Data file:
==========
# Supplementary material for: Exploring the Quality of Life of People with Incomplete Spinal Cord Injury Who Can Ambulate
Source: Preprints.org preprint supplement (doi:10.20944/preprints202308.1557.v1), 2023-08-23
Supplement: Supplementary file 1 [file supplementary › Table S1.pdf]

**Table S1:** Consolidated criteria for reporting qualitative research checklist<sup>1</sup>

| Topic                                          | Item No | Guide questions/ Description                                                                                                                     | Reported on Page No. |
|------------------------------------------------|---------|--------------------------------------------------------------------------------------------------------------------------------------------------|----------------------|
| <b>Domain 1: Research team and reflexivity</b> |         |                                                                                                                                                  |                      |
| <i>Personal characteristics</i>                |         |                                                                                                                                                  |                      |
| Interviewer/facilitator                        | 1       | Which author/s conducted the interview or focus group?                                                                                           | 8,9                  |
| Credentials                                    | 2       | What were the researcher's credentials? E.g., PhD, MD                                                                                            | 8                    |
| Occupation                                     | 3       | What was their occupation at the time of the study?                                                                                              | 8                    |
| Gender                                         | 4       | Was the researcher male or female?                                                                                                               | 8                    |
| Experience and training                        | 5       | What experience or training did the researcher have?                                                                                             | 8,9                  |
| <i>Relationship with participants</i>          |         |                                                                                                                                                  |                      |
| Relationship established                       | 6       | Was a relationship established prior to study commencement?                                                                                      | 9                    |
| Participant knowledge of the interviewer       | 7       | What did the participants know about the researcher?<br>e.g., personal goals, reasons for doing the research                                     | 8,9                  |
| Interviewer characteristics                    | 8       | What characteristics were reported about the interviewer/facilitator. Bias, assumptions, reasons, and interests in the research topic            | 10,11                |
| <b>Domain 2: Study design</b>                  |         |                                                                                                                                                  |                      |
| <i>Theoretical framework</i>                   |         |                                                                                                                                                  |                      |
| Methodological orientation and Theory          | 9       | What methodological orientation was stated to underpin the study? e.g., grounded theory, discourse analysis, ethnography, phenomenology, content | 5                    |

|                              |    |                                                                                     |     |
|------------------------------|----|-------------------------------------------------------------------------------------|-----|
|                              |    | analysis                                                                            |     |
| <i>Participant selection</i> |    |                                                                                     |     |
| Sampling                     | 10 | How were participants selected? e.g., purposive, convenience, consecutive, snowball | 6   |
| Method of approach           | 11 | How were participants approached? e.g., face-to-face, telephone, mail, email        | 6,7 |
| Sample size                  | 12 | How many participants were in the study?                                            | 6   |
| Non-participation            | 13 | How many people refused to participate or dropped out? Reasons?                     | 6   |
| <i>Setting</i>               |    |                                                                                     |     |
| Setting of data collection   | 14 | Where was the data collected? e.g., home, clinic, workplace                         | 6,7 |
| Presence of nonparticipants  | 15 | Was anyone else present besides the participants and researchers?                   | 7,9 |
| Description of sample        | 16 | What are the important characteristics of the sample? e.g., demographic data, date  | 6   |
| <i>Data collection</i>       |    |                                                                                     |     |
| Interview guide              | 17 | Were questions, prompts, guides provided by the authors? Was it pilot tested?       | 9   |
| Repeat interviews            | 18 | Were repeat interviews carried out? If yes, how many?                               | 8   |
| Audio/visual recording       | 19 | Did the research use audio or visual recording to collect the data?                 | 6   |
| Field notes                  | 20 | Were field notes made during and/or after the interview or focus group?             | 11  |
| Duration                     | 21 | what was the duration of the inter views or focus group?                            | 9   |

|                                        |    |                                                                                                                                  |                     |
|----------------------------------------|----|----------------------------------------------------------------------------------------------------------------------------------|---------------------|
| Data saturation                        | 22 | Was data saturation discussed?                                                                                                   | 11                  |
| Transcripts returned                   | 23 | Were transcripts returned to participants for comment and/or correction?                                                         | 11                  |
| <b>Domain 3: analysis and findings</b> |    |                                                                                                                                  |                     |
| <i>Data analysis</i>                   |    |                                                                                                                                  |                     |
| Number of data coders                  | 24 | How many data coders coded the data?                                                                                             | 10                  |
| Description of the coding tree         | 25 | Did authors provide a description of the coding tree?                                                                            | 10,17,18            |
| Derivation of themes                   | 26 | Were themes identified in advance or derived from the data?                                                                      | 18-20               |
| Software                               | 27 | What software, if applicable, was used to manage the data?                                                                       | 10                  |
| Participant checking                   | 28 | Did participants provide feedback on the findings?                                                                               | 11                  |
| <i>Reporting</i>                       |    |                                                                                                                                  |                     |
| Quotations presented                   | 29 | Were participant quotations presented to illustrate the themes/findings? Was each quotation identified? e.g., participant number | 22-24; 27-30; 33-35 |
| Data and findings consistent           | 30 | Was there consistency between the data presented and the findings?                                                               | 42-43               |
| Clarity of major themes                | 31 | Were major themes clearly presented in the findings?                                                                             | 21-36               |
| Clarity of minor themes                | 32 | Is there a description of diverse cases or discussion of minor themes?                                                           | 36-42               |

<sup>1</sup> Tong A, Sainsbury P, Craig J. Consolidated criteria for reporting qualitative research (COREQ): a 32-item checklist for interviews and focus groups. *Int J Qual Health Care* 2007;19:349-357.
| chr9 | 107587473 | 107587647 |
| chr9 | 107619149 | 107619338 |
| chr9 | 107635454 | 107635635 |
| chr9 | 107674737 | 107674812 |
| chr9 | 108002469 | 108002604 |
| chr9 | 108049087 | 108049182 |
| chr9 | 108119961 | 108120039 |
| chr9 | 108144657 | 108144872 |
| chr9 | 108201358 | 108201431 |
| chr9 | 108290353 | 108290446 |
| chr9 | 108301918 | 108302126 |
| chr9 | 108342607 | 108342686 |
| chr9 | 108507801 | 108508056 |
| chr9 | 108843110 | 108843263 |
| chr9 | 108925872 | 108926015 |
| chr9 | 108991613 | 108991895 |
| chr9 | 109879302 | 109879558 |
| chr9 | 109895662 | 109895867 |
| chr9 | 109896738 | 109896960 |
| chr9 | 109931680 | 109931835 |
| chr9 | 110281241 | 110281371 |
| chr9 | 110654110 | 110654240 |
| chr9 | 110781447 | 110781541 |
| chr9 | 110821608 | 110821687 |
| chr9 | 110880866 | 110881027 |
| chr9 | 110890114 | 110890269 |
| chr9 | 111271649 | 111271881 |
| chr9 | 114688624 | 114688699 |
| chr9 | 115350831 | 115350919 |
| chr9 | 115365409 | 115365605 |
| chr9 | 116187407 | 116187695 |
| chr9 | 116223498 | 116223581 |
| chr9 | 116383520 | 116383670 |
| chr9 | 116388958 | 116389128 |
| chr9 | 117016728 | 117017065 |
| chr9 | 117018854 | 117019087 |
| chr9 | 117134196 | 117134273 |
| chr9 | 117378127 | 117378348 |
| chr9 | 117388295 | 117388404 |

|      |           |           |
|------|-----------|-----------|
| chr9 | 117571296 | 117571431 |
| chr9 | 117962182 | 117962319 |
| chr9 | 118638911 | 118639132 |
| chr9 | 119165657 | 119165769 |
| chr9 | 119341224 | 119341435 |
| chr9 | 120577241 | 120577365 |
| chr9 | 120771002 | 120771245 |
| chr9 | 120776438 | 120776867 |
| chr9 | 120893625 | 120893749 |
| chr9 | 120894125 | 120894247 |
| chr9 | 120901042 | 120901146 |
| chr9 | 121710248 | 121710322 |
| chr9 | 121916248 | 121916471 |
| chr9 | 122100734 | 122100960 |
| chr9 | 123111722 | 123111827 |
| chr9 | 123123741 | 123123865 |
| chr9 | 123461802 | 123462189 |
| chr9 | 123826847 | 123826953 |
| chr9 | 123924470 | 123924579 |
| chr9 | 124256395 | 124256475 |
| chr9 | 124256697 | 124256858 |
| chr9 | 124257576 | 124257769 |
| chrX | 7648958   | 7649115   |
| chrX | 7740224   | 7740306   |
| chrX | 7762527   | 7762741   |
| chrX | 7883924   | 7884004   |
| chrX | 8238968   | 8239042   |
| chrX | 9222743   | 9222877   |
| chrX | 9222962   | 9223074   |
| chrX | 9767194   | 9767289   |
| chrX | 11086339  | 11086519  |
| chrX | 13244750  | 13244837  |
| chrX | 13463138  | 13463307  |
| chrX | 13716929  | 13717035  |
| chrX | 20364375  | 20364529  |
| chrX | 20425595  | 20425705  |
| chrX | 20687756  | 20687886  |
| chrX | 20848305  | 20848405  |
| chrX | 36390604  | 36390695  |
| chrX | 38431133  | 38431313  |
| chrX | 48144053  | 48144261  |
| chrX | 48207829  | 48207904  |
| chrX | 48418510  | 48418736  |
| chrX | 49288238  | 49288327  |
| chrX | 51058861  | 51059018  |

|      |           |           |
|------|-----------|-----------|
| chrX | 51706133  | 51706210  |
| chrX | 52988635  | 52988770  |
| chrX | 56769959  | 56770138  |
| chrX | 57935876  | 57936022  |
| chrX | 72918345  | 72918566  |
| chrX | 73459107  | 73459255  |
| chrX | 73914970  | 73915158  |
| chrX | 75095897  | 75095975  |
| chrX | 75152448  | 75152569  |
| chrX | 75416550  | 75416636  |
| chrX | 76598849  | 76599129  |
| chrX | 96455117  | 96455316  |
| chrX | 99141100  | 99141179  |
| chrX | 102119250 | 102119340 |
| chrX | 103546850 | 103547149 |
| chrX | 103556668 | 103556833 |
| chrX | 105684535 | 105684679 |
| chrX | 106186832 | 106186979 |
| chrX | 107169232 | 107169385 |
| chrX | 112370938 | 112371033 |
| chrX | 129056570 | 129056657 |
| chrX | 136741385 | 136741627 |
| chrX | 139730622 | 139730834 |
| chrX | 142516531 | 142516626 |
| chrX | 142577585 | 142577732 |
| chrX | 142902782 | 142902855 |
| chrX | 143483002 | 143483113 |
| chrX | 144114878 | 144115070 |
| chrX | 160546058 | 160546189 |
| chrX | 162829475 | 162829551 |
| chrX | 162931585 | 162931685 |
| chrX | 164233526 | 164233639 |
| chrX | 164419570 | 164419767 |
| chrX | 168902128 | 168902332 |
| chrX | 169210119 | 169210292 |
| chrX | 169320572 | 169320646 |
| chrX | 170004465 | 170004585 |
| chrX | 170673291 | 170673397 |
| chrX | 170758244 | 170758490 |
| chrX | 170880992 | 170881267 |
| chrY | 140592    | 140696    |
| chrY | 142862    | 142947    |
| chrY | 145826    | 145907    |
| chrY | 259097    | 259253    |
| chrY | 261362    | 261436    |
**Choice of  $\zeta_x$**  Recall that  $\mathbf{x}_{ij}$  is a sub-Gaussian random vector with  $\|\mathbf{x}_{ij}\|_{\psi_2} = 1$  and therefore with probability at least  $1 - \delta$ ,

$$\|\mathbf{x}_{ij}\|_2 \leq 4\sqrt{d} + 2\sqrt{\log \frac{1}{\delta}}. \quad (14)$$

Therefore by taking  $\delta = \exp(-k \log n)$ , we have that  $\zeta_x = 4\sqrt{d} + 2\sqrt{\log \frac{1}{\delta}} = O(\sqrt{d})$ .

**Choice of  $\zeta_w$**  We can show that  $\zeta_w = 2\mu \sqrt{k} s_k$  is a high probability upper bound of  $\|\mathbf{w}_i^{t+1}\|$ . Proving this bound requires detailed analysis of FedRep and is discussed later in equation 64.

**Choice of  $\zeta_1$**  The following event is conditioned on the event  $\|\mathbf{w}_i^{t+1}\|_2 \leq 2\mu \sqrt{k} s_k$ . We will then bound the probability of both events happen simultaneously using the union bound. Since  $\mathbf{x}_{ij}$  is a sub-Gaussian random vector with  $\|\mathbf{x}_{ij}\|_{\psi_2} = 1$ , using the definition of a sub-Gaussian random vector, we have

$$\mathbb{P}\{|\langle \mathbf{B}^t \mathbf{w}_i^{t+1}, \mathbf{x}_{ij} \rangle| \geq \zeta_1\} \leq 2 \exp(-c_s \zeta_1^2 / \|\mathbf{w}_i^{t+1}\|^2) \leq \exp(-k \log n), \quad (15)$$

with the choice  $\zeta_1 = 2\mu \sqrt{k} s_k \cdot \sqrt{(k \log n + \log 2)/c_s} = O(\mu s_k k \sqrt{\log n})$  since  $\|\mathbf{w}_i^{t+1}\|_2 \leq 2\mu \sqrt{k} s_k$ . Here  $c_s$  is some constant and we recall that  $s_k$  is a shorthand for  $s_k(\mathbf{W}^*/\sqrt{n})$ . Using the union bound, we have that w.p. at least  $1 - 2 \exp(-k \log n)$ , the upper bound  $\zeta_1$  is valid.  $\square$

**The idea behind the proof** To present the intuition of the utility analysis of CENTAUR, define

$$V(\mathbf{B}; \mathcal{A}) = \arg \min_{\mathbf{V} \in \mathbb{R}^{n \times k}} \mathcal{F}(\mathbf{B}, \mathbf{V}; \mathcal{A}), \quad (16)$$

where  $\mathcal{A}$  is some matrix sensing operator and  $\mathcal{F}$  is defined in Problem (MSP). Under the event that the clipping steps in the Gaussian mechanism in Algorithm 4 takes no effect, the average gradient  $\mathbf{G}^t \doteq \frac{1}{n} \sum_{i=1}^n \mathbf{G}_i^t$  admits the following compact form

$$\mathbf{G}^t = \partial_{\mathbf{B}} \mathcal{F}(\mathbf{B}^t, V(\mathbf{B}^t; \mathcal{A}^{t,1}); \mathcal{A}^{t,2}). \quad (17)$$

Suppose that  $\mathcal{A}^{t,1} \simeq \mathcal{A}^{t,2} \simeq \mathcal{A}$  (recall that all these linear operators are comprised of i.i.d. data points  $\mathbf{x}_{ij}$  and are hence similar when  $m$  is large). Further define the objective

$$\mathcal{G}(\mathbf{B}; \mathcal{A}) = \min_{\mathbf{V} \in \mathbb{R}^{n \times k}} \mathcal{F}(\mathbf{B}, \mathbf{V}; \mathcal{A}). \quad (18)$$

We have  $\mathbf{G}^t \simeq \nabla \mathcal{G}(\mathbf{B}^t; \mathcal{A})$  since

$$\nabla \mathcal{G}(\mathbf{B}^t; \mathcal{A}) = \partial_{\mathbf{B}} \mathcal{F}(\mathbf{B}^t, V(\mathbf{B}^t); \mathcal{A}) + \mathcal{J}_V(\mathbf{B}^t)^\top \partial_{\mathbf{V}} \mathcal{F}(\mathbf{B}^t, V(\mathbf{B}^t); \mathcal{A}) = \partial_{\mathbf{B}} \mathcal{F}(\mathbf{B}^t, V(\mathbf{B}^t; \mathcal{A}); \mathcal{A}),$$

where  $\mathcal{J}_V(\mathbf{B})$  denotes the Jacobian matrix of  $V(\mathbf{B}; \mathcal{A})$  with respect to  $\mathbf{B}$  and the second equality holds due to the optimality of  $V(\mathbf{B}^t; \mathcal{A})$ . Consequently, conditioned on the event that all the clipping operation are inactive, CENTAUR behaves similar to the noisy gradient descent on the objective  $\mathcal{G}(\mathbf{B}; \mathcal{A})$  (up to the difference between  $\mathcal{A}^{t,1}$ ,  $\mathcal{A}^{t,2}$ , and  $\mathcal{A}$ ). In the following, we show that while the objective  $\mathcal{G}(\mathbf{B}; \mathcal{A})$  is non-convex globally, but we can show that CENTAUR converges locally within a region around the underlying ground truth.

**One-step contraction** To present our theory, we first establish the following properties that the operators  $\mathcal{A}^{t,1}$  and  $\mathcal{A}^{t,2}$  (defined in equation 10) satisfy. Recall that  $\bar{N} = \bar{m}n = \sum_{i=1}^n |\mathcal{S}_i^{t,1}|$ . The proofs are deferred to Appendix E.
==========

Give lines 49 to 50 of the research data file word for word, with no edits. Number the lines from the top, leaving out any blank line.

| Participant checking                   | 28 | Did participants provide feedback on the findings?                                                                               | 11                  |
| <i>Reporting</i>                       |    |                                                                                                                                  |                     |